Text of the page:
No, you weren't; you participated in taking the thread off topic as much as anyone else. Go re-read your posts. Nice try, though. At least AJ is actually helping the OP.

donutfan,

See djbluemax1's post. You can still tweak an accurate speaker through various means to get the sound you want; best of both worlds (for quality recordings and lousy ones). And you can do it without any room treatments (see my previous posts about a well designed speaker sounding similar in most listening rooms above the Schroeder Frequency - complimentary of Floyd Toole and Sean Olive's research). It doesn't matter what you listen to; a speaker that measures well is the one preferred by the masses, and it's the one that with more faithfully reproduce what's on the recording. See Dr. Olive's case study from 2003 on frequency response on and off-axis in which they tested four groups of listeners under double blind, level matched circumstances (trained listeners, audio reviewers, audio salesmen and novices); an overwhelming majority of the group preferred the speakers in order of flattest on and off-axis frequency response. Claimed differences in human hearing has nothing to do with it, unless said difference is not minor (such as an actual hearing condition).

Quote:
Originally Posted by jima4a View Post

If you look at the thread " What audition music do you use" you will see what music I used. I think I listened to disk 2 first and was quite impressed. Very good bass. However, when I got to disk 1 with Neil Diamond Hot August Night and Indigo Girl tracks, they did not sound right (upper mids?).

I had the Sales guy come listen and he acknowledged they knew about it and had called Sandy but he told them to work with placement - not the issue. May have been a defective pair but that ended my interest in them.

What is interesting is I had high expectations on the GE but not so for the Vandys. Press was so good on the GE. For the 2CEs I had compared my 103/4s with the Def Tech sub against a Vandersteen model at a shop that sold Def Tech and Vandersteen and all of us preferred the Kefs. That was ~20 years ago, however.

I was not interested in the 2CEs so I did not push them but I was impressed with what I heard. The source electronics did not hurt.

The 2CE's aren't perfect, but they are pretty sweet for the money in my opinion. The time and phase design is cool, though I don't know how much it actually influences the sound. The Vandersteen Model 7's are still one of the best speakers I've heard, although even those weren't perfect (there is no perfect speaker). Did that hi-fi ship carry the new Vandersteen Treos?

So what's next on your audition list?

My journey to find the "perfect" speaker
Dr. Olive's Blog

 

 

No matter what measurements tell us, a loudspeaker isn’t good until it
sounds good. - Dr. Floyd Toole
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post #299 of 411 Old 05-16-2012, 07:26 AM - Thread Starter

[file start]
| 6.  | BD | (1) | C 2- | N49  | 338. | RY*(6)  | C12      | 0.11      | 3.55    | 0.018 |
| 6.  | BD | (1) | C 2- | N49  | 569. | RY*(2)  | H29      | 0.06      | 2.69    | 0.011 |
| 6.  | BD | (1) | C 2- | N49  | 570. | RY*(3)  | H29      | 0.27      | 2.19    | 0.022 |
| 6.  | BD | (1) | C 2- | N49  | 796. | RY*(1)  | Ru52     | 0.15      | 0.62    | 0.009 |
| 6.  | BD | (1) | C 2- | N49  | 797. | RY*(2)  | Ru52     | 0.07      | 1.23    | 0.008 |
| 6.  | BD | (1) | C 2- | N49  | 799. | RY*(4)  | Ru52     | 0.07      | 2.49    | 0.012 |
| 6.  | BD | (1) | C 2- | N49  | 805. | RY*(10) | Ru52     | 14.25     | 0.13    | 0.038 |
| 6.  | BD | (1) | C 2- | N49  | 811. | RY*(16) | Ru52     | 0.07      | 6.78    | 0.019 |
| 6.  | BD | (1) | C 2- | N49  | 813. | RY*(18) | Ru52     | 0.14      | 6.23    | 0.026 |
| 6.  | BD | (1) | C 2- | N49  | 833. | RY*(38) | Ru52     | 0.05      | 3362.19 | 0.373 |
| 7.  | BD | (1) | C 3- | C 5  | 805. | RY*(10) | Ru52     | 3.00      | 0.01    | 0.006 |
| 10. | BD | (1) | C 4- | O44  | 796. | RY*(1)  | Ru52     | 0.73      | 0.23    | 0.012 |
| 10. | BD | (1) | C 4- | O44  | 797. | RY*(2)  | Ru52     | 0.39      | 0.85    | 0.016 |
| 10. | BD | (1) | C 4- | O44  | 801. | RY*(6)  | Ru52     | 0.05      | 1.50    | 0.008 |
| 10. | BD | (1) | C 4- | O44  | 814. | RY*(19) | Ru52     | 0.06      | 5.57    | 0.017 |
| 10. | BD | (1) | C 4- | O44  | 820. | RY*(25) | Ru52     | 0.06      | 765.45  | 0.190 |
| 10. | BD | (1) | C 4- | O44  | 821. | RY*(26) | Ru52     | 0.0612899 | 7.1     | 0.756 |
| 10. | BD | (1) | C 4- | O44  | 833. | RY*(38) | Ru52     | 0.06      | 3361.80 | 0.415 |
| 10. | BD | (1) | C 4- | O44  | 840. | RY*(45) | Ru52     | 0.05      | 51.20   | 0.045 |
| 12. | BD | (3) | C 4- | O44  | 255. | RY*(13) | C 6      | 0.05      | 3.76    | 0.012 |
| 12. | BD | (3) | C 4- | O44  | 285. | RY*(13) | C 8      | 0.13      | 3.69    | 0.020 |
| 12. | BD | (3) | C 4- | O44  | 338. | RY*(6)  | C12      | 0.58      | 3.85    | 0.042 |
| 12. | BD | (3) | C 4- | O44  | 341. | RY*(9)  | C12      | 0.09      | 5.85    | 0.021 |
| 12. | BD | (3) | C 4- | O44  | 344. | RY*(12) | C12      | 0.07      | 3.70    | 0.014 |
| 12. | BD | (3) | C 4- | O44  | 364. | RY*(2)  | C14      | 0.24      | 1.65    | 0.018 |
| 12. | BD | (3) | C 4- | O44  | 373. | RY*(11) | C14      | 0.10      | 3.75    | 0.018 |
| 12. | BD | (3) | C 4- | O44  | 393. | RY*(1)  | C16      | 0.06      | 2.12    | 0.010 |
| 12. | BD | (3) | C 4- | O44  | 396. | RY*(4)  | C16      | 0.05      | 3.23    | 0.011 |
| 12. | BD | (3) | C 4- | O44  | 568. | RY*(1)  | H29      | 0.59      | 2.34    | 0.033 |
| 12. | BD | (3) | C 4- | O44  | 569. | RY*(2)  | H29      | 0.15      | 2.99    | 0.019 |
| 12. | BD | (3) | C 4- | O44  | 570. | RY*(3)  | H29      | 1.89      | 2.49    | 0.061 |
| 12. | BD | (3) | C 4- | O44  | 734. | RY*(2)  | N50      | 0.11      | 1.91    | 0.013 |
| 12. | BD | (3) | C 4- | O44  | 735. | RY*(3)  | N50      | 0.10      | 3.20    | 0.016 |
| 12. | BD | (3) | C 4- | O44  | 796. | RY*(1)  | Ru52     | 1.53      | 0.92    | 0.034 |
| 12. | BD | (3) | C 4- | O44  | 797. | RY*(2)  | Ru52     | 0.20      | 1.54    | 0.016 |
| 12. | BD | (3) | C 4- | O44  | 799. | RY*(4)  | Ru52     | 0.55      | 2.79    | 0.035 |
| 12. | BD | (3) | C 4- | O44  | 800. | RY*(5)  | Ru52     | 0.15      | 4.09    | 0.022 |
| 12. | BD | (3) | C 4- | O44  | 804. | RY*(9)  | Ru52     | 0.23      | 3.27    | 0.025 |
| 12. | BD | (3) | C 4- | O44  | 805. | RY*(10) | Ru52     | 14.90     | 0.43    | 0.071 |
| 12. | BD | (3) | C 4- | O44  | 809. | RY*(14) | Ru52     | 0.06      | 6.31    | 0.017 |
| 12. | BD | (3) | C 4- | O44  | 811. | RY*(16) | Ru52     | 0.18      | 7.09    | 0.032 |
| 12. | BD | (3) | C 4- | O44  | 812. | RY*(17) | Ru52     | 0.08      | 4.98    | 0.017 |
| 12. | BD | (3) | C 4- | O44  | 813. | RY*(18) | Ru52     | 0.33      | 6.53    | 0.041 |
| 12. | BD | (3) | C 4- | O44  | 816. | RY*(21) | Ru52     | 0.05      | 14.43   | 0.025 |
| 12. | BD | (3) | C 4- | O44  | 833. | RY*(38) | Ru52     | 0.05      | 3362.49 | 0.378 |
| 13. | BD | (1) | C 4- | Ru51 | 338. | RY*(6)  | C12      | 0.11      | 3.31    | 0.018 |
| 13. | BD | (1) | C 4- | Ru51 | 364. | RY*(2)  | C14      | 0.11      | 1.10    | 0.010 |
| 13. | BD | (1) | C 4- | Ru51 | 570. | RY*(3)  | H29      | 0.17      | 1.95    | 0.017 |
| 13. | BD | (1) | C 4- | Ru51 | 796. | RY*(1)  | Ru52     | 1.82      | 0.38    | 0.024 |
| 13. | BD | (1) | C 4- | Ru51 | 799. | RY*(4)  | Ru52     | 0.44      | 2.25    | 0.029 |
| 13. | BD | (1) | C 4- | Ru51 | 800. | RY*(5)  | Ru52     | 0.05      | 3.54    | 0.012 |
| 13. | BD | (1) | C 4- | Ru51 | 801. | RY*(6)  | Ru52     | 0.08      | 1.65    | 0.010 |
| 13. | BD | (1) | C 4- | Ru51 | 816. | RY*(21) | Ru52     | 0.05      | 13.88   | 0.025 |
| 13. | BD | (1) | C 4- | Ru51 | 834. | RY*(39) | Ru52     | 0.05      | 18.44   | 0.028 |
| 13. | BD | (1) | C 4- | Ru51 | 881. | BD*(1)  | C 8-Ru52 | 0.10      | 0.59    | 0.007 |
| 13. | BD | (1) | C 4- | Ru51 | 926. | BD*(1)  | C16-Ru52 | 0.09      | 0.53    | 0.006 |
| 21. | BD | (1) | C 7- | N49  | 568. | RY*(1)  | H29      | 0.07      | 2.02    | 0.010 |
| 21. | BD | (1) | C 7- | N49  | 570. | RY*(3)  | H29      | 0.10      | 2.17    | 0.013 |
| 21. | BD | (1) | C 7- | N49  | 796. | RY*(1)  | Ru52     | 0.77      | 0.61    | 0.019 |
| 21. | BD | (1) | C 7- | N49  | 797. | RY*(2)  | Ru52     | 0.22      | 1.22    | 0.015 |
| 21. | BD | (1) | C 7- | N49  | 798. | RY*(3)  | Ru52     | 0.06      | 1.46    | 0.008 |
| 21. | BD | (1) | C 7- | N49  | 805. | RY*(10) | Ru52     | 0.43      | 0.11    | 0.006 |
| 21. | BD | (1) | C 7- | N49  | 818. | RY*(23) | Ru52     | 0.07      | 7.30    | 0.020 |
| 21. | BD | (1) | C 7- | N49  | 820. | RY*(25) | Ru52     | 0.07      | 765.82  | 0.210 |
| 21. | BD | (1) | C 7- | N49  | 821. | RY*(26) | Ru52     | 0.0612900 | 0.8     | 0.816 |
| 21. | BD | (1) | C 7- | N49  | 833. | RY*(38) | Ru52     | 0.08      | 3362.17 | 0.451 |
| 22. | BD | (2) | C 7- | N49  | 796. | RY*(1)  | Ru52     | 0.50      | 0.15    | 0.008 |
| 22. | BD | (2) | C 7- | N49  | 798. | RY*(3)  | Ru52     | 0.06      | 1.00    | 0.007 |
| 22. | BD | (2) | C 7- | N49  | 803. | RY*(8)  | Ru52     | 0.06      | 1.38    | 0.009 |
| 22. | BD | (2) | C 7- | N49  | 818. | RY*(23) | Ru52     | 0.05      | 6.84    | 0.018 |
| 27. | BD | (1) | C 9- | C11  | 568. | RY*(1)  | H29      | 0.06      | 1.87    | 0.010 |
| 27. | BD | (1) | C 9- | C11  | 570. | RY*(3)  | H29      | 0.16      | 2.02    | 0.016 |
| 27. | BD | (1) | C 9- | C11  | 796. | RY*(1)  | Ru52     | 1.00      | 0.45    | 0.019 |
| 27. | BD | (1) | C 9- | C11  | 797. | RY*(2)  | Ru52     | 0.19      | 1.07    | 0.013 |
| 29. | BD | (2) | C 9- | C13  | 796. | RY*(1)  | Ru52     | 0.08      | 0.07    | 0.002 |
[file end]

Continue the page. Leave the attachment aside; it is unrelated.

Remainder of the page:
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Quote:
Originally Posted by Nuance View Post


The 2CE's aren't perfect, but they are pretty sweet for the money in my opinion. The time and phase design is cool, though I don't know how much it actually influences the sound. The Vandersteen Model 7's are still one of the best speakers I've heard, although even those weren't perfect (there is no perfect speaker). Did that hi-fi ship carry the new Vandersteen Treos?

So what's next on your audition list?

I actually went over to look at amps at that time and only looked at speakers for fun. I have auditioned zero since I started to look for my next system but I will create a short list and then see how to make auditions happpen. Studio 2s are at the top of my list, although they are outside my targeted budget. The Salk SS8 sits at #2 but I want to go through what people suggested, at least what I can without listening. The Dunlavy's are off the list after seeing a picture of them, not for me. Perhaps I will get some time this weekend.
Also, the 2CEs were the only Vandy's they had in stock and were set up as the primary 2 channel setup in the store. They had two HT rooms but I did not check those out.

Main Kef: Reference 205/2 & 202/2c, Surrounds: Kef XQ40, Velodyne Optimum 12, Integra DHC 80.3, Ayre K-5xeMP, Oppo BDP-103, Bryston 4Bsst2, Parasound Halo A31. Second B&W: 685 (3), CCM618, Def Tech Powerfield 1500, Onkyo TX-NR1008, Zone 2 Klipsch AW650.
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post #300 of 411 Old 05-16-2012, 07:41 AM
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Quote:
Originally Posted by jima4a View Post

I actually went over to look at amps at that time and only looked at speakers for fun. I have auditioned zero since I started to look for my next system but I will create a short list and then see how to make auditions happpen. Studio 2s are at the top of my list, although they are outside my targeted budget. The Salk SS8 sits at #2 but I want to go through what people suggested, at least what I can without listening. The Dunlavy's are off the list after seeing a picture of them, not for me. Perhaps I will get some time this weekend.
Also, the 2CEs were the only Vandy's they had in stock and were set up as the primary 2 channel setup in the store. They had two HT rooms but I did not check those out.

If you are interested in Salk or Philharmonic, there is one other idea I thought of.

We know Dennis Murphy is XO man for both. Delmond Won is the talented cabinet maker for Dennis. He can custom build you the exact cabinet style you want and have Dennis do the drivers and XO (like he did for Salk SS8/10/12). Del has built many styles of speaker cabinets. 100% custom the way you want it.

http://www.avsforum.com/avs-vb/showt...4#post21976904